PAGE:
The Zythophile

I think I have a new favorite foodie blog (well, more like ale and lager blog, but let’s not split hairs):

The Zythophile

Read, for instance, this fascinating post on the spurious history behind the “traditional” ploughman’s lunch served in pubs the world over.  I feel seriously vindicated now, as I never liked the pissant little bits of lettuce and cheese and pickle that comprised a ploughman’s lunch anyway, and always wondered how that rabbit food could be considered substantial or hearty enough for a field laborer to eat for lunch.

Also awesome: Fraudulent Ale Questions, where the author debunks various myths about beer, including some myths that I’ve never even heard of, such as:

Medieval ale-conners wore leather breeches and tested ale by pouring some on a wooden bench and then sitting in it and seeing if they stuck to the bench.

Apparently quite false.  Who knew?

And, of course, there’s a short but sweet section on the underappreciated art of beer and food pairing.

The beer snob in me has found a new home, folks!

The Red Lion Pub, England

…called so, of course, to differentiate this post from my not-so-favorable review of our very own “Red Lion Pub” right here in Houston.  No, no.  The Red Lion Pub in Holmes Chapel may as well exist on an entirely different planet from its cousin in Texas.

On our first full day in England, we set about on a drive down the narrow, winding roads past hand-laid stone walls and brilliantly green fields full of fat sheep.  Richard drove me through the posh streets of Prestbury, alongside the immense, 21st-century monolith that is Jodrell Bank, underneath viaducts and train tracks until we reached his second hometown in Holmes Chapel.

Holmes Chapel
The main street, Holmes Chapel.

I say second hometown, since his childhood was — as so many of ours were — divided between places.  He spent his youth in Bollington, a mill town up the road, and his adolescence in Holmes Chapel.  The village is older even than Alderley Edge, having been recorded in 1086 in the famous Domesday Book as “Chapel Hulme.” Coming of age in Holmes Chapel leant him a keen familiarity with the three local pubs: The Red Lion, The George and Dragon and The Swan.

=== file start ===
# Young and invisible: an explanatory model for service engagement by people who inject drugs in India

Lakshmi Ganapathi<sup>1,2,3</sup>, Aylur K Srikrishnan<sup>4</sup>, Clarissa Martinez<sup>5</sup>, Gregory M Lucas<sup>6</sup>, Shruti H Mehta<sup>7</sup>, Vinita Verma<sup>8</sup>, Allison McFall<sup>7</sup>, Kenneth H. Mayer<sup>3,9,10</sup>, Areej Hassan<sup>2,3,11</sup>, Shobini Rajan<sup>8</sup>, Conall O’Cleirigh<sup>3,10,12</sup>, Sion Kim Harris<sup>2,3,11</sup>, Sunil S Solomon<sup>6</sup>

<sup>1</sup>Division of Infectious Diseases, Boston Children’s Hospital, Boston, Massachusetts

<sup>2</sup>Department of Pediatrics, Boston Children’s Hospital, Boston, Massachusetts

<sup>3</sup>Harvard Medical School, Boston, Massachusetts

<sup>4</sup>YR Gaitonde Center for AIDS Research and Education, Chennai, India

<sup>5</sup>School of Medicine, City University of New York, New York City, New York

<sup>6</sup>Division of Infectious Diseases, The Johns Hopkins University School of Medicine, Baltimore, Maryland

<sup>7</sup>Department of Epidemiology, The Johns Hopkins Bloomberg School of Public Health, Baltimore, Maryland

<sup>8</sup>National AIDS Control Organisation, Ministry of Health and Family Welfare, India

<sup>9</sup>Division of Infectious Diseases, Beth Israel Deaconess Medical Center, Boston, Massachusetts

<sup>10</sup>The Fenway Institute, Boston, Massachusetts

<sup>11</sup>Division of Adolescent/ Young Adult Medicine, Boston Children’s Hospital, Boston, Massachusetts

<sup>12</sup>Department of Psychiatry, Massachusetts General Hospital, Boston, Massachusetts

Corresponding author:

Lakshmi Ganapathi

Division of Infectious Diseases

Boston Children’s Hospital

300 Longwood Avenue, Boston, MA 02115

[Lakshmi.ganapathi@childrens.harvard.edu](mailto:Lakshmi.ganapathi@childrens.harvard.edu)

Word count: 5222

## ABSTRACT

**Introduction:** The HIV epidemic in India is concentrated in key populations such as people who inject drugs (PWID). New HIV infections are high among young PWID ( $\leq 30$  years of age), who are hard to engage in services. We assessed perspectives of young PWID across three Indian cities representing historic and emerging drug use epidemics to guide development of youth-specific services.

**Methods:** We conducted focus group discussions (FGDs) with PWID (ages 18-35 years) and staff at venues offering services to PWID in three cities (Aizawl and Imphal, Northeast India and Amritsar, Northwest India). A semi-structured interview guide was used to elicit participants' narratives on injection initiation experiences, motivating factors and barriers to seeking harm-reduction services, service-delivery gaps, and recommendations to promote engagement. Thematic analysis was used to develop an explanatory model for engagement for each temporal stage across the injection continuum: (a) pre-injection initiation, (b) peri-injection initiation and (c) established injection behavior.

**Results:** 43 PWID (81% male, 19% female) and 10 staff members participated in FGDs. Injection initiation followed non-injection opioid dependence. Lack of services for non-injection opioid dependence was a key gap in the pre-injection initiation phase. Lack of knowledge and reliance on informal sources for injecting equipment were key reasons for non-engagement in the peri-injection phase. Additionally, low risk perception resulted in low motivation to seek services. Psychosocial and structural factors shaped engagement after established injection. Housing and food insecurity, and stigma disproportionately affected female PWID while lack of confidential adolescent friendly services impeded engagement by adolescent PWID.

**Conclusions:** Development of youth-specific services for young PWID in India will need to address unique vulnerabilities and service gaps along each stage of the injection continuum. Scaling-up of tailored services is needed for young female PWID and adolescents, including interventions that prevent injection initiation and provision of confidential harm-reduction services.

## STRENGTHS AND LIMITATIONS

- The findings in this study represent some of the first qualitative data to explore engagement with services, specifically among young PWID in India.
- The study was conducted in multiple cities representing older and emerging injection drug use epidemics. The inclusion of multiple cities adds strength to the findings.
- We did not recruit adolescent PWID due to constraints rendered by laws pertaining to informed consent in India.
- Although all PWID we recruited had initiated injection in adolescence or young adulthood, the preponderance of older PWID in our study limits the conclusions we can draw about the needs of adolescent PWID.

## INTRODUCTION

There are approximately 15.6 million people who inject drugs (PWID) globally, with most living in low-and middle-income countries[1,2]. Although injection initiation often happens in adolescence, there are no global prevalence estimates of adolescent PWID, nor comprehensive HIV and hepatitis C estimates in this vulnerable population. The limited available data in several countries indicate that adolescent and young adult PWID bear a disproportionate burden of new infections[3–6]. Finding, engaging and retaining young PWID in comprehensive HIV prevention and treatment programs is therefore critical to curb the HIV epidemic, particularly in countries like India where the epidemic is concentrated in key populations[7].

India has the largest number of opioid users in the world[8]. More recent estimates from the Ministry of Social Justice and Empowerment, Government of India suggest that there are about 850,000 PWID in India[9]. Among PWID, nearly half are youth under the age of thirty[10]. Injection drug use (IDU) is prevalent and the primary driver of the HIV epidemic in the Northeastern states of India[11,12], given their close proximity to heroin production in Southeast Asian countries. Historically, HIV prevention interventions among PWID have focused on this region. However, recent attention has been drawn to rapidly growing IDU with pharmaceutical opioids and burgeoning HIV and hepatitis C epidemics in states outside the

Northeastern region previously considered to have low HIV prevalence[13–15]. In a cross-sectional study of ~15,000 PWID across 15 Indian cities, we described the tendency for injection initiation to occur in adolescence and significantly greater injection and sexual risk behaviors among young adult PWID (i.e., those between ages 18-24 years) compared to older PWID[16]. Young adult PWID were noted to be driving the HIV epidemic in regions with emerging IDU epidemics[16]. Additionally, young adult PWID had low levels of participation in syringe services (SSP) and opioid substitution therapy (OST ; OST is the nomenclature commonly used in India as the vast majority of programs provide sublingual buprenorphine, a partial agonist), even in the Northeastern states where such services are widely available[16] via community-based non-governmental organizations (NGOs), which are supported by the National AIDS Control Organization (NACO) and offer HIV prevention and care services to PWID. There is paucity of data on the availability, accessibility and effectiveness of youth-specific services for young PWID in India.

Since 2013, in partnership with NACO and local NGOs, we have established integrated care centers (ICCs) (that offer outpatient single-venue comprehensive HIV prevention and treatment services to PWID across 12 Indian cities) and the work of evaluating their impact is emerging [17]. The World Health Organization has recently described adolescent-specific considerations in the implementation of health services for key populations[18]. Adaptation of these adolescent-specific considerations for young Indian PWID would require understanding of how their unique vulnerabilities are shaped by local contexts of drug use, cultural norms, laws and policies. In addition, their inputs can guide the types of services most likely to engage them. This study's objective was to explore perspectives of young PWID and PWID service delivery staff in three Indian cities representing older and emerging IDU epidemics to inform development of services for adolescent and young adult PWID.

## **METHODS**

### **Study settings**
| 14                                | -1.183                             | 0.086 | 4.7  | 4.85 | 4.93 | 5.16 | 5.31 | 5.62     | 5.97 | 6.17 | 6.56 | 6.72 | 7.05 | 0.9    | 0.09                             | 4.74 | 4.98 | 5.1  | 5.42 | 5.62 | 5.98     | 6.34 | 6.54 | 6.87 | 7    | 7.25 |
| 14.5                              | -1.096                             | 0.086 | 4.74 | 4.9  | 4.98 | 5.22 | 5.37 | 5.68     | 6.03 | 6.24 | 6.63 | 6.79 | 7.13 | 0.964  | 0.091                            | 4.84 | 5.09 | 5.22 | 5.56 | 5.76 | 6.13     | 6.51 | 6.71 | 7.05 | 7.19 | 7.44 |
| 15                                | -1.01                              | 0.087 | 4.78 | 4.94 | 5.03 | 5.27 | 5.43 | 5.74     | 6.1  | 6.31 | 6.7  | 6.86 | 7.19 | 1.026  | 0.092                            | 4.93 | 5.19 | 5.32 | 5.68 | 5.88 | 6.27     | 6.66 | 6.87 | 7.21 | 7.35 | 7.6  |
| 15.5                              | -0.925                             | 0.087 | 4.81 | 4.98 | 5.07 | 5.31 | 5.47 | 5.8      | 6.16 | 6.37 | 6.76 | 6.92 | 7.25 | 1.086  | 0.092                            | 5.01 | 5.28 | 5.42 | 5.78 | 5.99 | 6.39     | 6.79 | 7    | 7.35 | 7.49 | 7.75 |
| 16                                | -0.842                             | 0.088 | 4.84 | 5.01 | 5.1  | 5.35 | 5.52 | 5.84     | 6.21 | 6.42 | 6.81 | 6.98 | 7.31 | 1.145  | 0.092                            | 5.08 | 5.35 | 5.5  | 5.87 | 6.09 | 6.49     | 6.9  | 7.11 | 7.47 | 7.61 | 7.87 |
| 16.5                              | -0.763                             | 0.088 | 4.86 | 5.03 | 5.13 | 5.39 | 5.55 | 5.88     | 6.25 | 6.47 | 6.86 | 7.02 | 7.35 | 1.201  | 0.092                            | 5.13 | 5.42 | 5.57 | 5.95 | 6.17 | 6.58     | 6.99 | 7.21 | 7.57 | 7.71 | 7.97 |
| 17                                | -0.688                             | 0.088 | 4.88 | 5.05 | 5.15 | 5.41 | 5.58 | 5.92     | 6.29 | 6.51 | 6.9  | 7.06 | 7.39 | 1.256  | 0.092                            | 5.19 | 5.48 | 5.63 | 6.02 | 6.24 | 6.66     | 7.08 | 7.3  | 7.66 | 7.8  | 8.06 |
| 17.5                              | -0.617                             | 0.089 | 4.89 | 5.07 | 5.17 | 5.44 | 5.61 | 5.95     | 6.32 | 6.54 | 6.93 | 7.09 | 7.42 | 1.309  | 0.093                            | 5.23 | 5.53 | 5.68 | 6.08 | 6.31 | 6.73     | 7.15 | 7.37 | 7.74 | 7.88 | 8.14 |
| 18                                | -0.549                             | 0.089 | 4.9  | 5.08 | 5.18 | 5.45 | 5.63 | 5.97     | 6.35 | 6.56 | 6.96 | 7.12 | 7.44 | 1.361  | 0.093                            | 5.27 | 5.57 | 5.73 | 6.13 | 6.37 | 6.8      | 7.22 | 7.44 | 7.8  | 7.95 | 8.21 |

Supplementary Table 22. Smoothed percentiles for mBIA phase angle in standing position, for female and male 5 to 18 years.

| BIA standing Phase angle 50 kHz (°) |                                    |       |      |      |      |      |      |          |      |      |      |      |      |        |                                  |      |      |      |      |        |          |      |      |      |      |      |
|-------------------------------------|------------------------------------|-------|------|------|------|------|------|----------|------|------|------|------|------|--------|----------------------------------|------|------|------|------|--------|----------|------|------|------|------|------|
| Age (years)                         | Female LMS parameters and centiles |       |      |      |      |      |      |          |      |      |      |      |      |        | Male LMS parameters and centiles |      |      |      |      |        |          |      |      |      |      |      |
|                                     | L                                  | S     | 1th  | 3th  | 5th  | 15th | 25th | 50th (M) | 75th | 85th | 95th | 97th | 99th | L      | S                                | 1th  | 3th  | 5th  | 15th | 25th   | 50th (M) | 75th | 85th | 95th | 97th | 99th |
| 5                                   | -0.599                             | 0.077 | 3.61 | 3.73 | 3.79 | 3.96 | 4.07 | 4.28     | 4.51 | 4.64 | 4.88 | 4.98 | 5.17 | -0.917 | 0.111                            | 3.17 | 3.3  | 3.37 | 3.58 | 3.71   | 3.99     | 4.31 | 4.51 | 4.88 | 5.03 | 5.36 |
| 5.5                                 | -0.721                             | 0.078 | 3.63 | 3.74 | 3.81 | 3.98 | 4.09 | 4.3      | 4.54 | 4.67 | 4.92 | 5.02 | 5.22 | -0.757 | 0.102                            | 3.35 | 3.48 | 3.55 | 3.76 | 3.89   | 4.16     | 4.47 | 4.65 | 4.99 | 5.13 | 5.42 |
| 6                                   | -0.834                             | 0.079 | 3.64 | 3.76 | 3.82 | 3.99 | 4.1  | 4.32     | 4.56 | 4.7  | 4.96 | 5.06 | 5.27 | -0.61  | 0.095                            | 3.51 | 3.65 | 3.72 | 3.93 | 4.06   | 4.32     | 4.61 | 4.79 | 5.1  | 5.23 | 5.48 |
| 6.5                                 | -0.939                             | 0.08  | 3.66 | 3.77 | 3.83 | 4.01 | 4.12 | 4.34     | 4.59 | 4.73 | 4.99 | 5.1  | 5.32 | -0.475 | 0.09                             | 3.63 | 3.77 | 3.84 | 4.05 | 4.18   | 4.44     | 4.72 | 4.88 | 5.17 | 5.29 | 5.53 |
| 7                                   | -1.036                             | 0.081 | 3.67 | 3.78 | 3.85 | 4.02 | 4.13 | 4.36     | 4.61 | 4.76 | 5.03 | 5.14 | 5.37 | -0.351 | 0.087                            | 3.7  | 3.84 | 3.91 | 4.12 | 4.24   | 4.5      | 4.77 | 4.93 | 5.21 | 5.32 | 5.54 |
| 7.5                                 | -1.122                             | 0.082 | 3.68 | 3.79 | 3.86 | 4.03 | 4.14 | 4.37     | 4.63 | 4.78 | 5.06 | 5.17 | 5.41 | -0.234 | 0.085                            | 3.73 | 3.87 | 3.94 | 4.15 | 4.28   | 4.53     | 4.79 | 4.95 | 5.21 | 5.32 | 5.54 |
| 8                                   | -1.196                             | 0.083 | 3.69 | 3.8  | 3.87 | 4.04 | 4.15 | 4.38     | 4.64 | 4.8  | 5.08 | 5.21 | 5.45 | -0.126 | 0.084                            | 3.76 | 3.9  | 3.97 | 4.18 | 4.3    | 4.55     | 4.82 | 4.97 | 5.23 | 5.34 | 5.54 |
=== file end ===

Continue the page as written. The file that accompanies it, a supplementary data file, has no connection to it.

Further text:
The Red Lion Pub in Holmes Chapel
The Red Lion.

The Red Lion was his pub of choice, located only a short walk past the church and grocers from his house.  In his youth, he spent many a lunch there with his schoolmates and many a long, cold night surrounded by friends.  Richard recalls that it was the epitome of a tatty, well-loved old pub: worn and slightly-sticky carpets, very basic bar and low, sloping ceilings.  When we first approached the place on foot that day, Richard presciently remarked, “Looks a bit spiffed up.”

Red Lion Window

Entering The Red Lion was like walking into an expertly decorated hotel lobby, perhaps an Aspen boutique hotel, with trendy fabrics and cushy armchairs all perfectly akimbo.  Richard stopped, mouth open, marvelling at what was clearly a different Red Lion than the one he left behind over six years ago.  While I admired the upmarket window treatments and flower arrangements, my poor husband stared blankly at what I imagine was his utterly destroyed adolescence.

A Pint of Bitter, Please
A pint of bitter, please.